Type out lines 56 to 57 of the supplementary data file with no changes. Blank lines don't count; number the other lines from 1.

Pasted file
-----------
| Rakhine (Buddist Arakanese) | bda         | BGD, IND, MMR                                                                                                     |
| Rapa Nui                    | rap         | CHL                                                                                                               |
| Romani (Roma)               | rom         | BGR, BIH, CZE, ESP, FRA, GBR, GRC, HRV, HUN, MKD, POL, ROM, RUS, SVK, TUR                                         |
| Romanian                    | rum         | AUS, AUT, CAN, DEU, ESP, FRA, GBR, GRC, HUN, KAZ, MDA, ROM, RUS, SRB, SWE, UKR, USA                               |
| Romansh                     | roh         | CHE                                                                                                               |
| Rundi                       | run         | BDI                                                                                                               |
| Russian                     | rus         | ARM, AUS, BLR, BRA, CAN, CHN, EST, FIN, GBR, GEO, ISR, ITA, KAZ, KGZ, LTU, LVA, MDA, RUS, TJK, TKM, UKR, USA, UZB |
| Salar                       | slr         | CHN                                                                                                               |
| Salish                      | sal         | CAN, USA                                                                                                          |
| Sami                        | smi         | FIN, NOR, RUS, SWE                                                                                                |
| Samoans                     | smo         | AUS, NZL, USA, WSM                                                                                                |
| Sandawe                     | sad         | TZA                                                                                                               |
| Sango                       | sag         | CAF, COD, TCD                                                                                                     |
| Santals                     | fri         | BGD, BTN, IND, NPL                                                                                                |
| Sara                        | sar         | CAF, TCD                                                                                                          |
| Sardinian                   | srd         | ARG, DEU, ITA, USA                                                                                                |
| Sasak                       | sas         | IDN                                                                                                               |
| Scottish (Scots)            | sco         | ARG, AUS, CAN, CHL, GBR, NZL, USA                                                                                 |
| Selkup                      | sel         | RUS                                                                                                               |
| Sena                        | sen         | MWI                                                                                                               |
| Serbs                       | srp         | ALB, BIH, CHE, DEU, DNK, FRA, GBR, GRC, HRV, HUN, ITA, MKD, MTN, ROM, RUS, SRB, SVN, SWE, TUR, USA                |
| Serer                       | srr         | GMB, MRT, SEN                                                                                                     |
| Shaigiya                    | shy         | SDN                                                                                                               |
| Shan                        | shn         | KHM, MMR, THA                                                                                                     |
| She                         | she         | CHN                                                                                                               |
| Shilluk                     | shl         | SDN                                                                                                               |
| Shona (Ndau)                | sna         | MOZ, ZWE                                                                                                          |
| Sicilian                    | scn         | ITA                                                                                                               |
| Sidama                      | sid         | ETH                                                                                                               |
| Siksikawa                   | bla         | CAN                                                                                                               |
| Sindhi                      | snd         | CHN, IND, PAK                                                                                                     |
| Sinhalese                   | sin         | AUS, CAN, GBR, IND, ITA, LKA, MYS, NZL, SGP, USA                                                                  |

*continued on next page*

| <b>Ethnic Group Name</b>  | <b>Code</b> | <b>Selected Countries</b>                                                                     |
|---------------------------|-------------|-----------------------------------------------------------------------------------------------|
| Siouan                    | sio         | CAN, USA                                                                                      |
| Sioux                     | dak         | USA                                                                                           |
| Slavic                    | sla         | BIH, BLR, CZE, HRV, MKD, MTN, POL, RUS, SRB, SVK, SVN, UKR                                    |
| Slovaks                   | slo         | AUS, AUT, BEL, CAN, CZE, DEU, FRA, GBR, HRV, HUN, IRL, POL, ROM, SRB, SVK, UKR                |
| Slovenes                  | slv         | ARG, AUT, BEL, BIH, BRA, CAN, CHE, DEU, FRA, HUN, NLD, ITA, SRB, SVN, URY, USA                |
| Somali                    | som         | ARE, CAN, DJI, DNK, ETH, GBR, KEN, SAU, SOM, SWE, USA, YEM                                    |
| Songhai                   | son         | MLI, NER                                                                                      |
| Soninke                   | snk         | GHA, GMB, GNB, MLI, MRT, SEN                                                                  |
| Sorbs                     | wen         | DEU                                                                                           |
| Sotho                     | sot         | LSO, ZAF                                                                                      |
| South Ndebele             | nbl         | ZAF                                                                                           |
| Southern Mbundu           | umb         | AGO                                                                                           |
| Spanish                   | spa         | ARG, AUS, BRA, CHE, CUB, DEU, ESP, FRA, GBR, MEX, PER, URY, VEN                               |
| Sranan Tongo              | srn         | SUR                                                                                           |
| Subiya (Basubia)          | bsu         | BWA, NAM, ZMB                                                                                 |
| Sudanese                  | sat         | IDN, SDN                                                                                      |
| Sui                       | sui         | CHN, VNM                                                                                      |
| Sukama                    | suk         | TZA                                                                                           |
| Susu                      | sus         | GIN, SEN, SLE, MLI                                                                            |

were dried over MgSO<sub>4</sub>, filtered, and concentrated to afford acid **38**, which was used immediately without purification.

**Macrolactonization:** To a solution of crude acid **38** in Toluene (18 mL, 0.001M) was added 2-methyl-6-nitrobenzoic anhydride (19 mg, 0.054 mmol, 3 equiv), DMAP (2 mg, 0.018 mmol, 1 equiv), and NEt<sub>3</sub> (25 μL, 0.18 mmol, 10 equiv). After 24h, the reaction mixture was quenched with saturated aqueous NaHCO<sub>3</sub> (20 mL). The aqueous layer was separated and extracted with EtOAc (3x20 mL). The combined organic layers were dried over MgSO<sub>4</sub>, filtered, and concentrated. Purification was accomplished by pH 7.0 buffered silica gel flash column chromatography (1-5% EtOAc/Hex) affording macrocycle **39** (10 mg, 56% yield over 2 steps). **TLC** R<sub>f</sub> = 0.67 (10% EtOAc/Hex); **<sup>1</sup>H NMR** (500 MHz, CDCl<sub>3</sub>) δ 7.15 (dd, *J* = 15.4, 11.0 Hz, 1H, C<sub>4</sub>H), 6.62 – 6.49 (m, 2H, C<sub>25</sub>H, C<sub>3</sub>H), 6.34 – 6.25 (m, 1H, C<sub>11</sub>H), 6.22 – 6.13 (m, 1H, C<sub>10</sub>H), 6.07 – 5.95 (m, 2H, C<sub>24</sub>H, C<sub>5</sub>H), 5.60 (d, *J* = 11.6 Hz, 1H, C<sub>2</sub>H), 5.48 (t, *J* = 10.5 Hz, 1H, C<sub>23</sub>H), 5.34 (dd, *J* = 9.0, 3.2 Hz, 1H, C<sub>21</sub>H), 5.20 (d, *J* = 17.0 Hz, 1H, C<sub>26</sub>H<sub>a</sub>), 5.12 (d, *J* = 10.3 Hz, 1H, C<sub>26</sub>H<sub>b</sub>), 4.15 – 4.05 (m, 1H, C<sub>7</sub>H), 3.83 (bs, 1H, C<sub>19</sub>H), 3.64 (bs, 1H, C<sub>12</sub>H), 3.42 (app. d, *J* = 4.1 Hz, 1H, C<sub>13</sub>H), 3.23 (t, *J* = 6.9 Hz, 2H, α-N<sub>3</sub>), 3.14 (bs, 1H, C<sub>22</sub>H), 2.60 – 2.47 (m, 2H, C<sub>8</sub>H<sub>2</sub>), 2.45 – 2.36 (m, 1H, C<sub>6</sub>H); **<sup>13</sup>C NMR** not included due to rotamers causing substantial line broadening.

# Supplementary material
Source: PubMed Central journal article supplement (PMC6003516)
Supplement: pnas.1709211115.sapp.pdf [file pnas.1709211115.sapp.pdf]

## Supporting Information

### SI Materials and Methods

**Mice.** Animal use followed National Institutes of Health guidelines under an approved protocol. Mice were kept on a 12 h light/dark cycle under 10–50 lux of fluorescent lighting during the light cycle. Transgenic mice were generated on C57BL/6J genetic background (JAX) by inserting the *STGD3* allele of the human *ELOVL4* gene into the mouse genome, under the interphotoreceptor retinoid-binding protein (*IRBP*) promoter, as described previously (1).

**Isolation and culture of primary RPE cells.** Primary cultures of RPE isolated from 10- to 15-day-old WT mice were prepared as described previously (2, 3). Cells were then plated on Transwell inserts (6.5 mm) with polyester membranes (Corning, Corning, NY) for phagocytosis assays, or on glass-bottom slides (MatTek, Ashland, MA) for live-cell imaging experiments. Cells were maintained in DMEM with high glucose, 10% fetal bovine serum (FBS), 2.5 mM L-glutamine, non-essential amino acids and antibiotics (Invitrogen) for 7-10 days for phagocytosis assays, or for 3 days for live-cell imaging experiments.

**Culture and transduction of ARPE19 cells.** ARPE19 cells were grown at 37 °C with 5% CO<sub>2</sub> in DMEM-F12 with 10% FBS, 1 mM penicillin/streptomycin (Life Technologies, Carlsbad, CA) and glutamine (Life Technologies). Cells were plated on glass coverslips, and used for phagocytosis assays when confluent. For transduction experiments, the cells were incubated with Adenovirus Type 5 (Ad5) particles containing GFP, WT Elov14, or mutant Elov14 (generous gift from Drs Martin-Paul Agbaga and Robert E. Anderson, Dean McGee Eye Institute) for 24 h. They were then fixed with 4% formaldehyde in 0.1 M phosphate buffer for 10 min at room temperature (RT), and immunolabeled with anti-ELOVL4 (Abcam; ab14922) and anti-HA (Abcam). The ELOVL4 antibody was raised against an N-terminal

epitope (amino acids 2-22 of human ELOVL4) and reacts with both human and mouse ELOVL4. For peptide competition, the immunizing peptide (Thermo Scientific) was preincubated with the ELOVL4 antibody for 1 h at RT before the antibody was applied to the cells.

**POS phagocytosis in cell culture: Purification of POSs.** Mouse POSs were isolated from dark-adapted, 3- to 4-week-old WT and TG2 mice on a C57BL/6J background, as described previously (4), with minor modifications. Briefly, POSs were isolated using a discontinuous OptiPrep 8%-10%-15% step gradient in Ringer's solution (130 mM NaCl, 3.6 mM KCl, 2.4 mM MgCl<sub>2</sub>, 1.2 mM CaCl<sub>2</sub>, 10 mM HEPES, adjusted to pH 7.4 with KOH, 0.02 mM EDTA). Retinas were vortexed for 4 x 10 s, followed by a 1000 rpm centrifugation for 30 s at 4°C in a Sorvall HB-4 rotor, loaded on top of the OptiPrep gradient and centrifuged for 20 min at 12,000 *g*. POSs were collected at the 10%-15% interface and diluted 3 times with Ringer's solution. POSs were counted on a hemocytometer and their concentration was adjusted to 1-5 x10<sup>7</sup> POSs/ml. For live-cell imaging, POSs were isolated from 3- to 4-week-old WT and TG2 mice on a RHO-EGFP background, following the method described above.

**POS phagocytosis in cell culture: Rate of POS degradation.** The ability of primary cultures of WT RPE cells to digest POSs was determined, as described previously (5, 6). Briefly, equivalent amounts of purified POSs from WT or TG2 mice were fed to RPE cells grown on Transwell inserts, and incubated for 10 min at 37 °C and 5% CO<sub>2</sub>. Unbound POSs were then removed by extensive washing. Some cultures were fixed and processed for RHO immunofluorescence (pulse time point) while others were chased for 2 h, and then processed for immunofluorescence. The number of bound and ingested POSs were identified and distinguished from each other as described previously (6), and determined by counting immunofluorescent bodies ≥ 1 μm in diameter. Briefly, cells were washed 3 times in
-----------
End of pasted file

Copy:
**Macrolactonization:** To a solution of crude acid **38** in Toluene (18 mL, 0.001M) was added 2-methyl-6-nitrobenzoic anhydride (19 mg, 0.054 mmol, 3 equiv), DMAP (2 mg, 0.018 mmol, 1 equiv), and NEt<sub>3</sub> (25 μL, 0.18 mmol, 10 equiv). After 24h, the reaction mixture was quenched with saturated aqueous NaHCO<sub>3</sub> (20 mL). The aqueous layer was separated and extracted with EtOAc (3x20 mL). The combined organic layers were dried over MgSO<sub>4</sub>, filtered, and concentrated. Purification was accomplished by pH 7.0 buffered silica gel flash column chromatography (1-5% EtOAc/Hex) affording macrocycle **39** (10 mg, 56% yield over 2 steps). **TLC** R<sub>f</sub> = 0.67 (10% EtOAc/Hex); **<sup>1</sup>H NMR** (500 MHz, CDCl<sub>3</sub>) δ 7.15 (dd, *J* = 15.4, 11.0 Hz, 1H, C<sub>4</sub>H), 6.62 – 6.49 (m, 2H, C<sub>25</sub>H, C<sub>3</sub>H), 6.34 – 6.25 (m, 1H, C<sub>11</sub>H), 6.22 – 6.13 (m, 1H, C<sub>10</sub>H), 6.07 – 5.95 (m, 2H, C<sub>24</sub>H, C<sub>5</sub>H), 5.60 (d, *J* = 11.6 Hz, 1H, C<sub>2</sub>H), 5.48 (t, *J* = 10.5 Hz, 1H, C<sub>23</sub>H), 5.34 (dd, *J* = 9.0, 3.2 Hz, 1H, C<sub>21</sub>H), 5.20 (d, *J* = 17.0 Hz, 1H, C<sub>26</sub>H<sub>a</sub>), 5.12 (d, *J* = 10.3 Hz, 1H, C<sub>26</sub>H<sub>b</sub>), 4.15 – 4.05 (m, 1H, C<sub>7</sub>H), 3.83 (bs, 1H, C<sub>19</sub>H), 3.64 (bs, 1H, C<sub>12</sub>H), 3.42 (app. d, *J* = 4.1 Hz, 1H, C<sub>13</sub>H), 3.23 (t, *J* = 6.9 Hz, 2H, α-N<sub>3</sub>), 3.14 (bs, 1H, C<sub>22</sub>H), 2.60 – 2.47 (m, 2H, C<sub>8</sub>H<sub>2</sub>), 2.45 – 2.36 (m, 1H, C<sub>6</sub>H); **<sup>13</sup>C NMR** not included due to rotamers causing substantial line broadening.

# Supplementary material